For me the administrations biggest failures are ones of omission. That Guantanamo prison remains open is a national disgrace (the whole base, now of zero strategic importance, should be reduced, detoxed, and given to the Cubans once the Castros are history); that some fair, and forgiving, accounting for war crimes has not been made is a rotting canker on the military and nation's soul that will not go away. And there's been zero action on transportation issues which recognizes the, yes, very real Peak Oil situation. (Man, the NSA reports on the Saudi reserves have to be eye-opening.)

From the start, my greatest cabinet-level disappointment was the appointment of Tom Vilsack as Agriculture secretary, guaranteeing policy support for a Big Ag. monoculture food chain which has killed rural life, enriched corporations, and greased the skids for America's population slide into obesity. An organic vegetable garden at the White House is swell (and Mrs. Obama is a ray of constant sunshine for me) but, wow, do we need more.

My advice is, Mr. President, once the elections are past, take your pick at one of the above, and start making some outlandish demands, see what unexpected things can be done. That Sec. Vilsack has just proven himself to be an utter jackass at Agriculture's helm, may be a hint where to begin.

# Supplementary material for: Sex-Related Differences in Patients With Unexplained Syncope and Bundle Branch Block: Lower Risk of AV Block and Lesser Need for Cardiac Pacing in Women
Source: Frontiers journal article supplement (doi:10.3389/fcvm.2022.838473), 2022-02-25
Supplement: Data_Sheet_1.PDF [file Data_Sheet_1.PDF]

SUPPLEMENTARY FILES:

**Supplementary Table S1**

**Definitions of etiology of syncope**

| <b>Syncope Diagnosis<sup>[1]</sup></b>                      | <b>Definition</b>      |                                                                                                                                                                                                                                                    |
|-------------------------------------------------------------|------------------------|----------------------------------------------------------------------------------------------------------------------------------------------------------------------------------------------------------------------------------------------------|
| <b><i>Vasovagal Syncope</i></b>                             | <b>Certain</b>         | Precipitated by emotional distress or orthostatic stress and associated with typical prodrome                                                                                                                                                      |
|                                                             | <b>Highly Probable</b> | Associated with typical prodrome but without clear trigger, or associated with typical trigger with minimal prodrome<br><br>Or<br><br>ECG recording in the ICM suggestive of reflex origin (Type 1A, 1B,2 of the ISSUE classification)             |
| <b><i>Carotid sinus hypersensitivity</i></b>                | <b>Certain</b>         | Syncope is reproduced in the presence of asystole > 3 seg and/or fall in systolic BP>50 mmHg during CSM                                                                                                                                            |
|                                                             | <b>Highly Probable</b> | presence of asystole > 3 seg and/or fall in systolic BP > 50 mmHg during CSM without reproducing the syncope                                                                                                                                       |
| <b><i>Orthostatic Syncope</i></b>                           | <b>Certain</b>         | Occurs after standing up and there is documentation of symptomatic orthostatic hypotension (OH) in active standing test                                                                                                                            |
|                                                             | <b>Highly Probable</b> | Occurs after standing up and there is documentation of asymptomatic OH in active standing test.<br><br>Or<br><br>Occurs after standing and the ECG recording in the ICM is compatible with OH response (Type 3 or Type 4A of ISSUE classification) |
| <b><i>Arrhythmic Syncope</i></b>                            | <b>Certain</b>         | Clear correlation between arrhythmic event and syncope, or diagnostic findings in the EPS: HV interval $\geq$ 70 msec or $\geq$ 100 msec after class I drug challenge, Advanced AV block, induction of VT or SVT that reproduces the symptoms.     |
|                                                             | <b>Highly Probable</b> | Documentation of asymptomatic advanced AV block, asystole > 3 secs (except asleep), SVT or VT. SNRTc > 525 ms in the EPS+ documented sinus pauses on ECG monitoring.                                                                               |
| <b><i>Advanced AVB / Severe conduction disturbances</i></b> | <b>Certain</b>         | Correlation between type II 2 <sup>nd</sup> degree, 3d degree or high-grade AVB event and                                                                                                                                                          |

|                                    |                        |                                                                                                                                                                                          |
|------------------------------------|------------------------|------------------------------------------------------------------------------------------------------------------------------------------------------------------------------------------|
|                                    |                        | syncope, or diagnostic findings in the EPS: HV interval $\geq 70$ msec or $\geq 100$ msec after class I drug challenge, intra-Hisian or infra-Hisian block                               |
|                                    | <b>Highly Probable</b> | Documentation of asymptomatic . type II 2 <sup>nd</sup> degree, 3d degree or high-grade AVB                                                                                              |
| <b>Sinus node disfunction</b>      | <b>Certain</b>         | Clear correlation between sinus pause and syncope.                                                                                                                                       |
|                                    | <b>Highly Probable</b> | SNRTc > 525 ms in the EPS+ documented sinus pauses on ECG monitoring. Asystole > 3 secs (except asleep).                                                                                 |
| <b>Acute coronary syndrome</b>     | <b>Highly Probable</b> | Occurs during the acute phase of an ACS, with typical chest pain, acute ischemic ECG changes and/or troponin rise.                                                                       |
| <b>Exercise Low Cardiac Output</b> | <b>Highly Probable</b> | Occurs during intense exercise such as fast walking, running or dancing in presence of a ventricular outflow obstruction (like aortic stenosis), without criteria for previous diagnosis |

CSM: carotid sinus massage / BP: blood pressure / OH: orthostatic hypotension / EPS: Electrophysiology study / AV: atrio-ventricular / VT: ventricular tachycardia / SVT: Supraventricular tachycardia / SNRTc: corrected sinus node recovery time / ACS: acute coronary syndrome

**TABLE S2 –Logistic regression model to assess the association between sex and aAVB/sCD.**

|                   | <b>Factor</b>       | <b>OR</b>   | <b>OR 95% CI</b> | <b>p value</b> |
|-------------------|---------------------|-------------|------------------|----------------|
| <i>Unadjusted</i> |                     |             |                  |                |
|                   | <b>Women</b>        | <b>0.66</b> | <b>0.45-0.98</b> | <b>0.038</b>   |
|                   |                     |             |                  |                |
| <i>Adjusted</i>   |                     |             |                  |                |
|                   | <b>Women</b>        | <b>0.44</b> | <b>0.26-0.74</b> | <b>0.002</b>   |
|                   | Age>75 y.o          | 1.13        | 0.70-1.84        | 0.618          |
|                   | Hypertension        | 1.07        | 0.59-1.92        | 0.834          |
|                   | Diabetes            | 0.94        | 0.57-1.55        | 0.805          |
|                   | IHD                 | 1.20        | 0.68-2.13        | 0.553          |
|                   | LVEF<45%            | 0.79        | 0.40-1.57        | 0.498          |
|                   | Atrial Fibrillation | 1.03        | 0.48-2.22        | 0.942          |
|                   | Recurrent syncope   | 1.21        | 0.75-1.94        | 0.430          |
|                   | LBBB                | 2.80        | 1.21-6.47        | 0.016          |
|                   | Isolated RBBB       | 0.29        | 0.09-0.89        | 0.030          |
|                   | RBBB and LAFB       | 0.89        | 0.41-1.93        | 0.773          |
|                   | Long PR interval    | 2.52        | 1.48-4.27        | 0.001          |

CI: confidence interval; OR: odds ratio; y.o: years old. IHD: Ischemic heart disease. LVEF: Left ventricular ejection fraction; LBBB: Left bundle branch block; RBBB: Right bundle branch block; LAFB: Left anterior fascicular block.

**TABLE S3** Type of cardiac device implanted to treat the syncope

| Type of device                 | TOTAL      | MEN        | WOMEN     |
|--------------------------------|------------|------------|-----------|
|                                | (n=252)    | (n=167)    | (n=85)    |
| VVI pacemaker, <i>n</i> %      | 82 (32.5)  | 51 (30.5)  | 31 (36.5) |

Tuesday, July 20, 2010

All Systems Goo

I don't think I need to persuade most of you that we live in an era of widespread system failure. You can see it writ on the obese bodies of our fellow citizens, in the brackish Gulf of Mexico, where Pluto has intruded on the realm of Neptune; in California's finances, in the collapse of the GOP, in the paucity of economic improvement, in the. . . well, why go on?

Eighteen months past the regime of that squalid little man, and we are now on the killing floor, as Howlin' Wolf might have put it. The only way out is forward, and a lot of us, the ones looking back, the ones who slip on the grease of their own asinine understandings of what's happening, the one's who think that everything would be just fine if only the right people are in charge, won't get there.

There are two points-of-view which roughly prevail in our current political arena. Flashiest is the idea that "the people" can somehow "rise up" and "take back" the "country" from "them", those embodied so artfully by that thug-in-chief. Hard knowing exactly how many nitwits really believe this, though I'll chance a guess at a solid 20% of the electorate, inflated to 30% by publicity and thoughtfully crafted polls.

The opposite notion, in my view just as mistaken, is the idea that, in the face of hard times, the mistaken and inept can somehow prevail. Granted, apathy is as pernicious as stupidity (and as much a result of our failed educational system), and well-intentioned Democrats (those of similar stripe having been mainly driven from the GOP) do not have a easy row to hoe from here to election day. But their way, if not free of obstacles, is clear in view, and I might spend some time describing it next time.

Sunday, July 18, 2010

Checking In

Remember me? I hope everyone has been enjoying their summer (as much as possible anyway.) I just wanted to say that I have not forgotten you, my beloved 14 readers; it's just that I have not had a whole lot new to add to the national debate. Lately however I've been forming some thoughts and might start knocking some out, little by little, over the next few days. In the meantime, stay cool.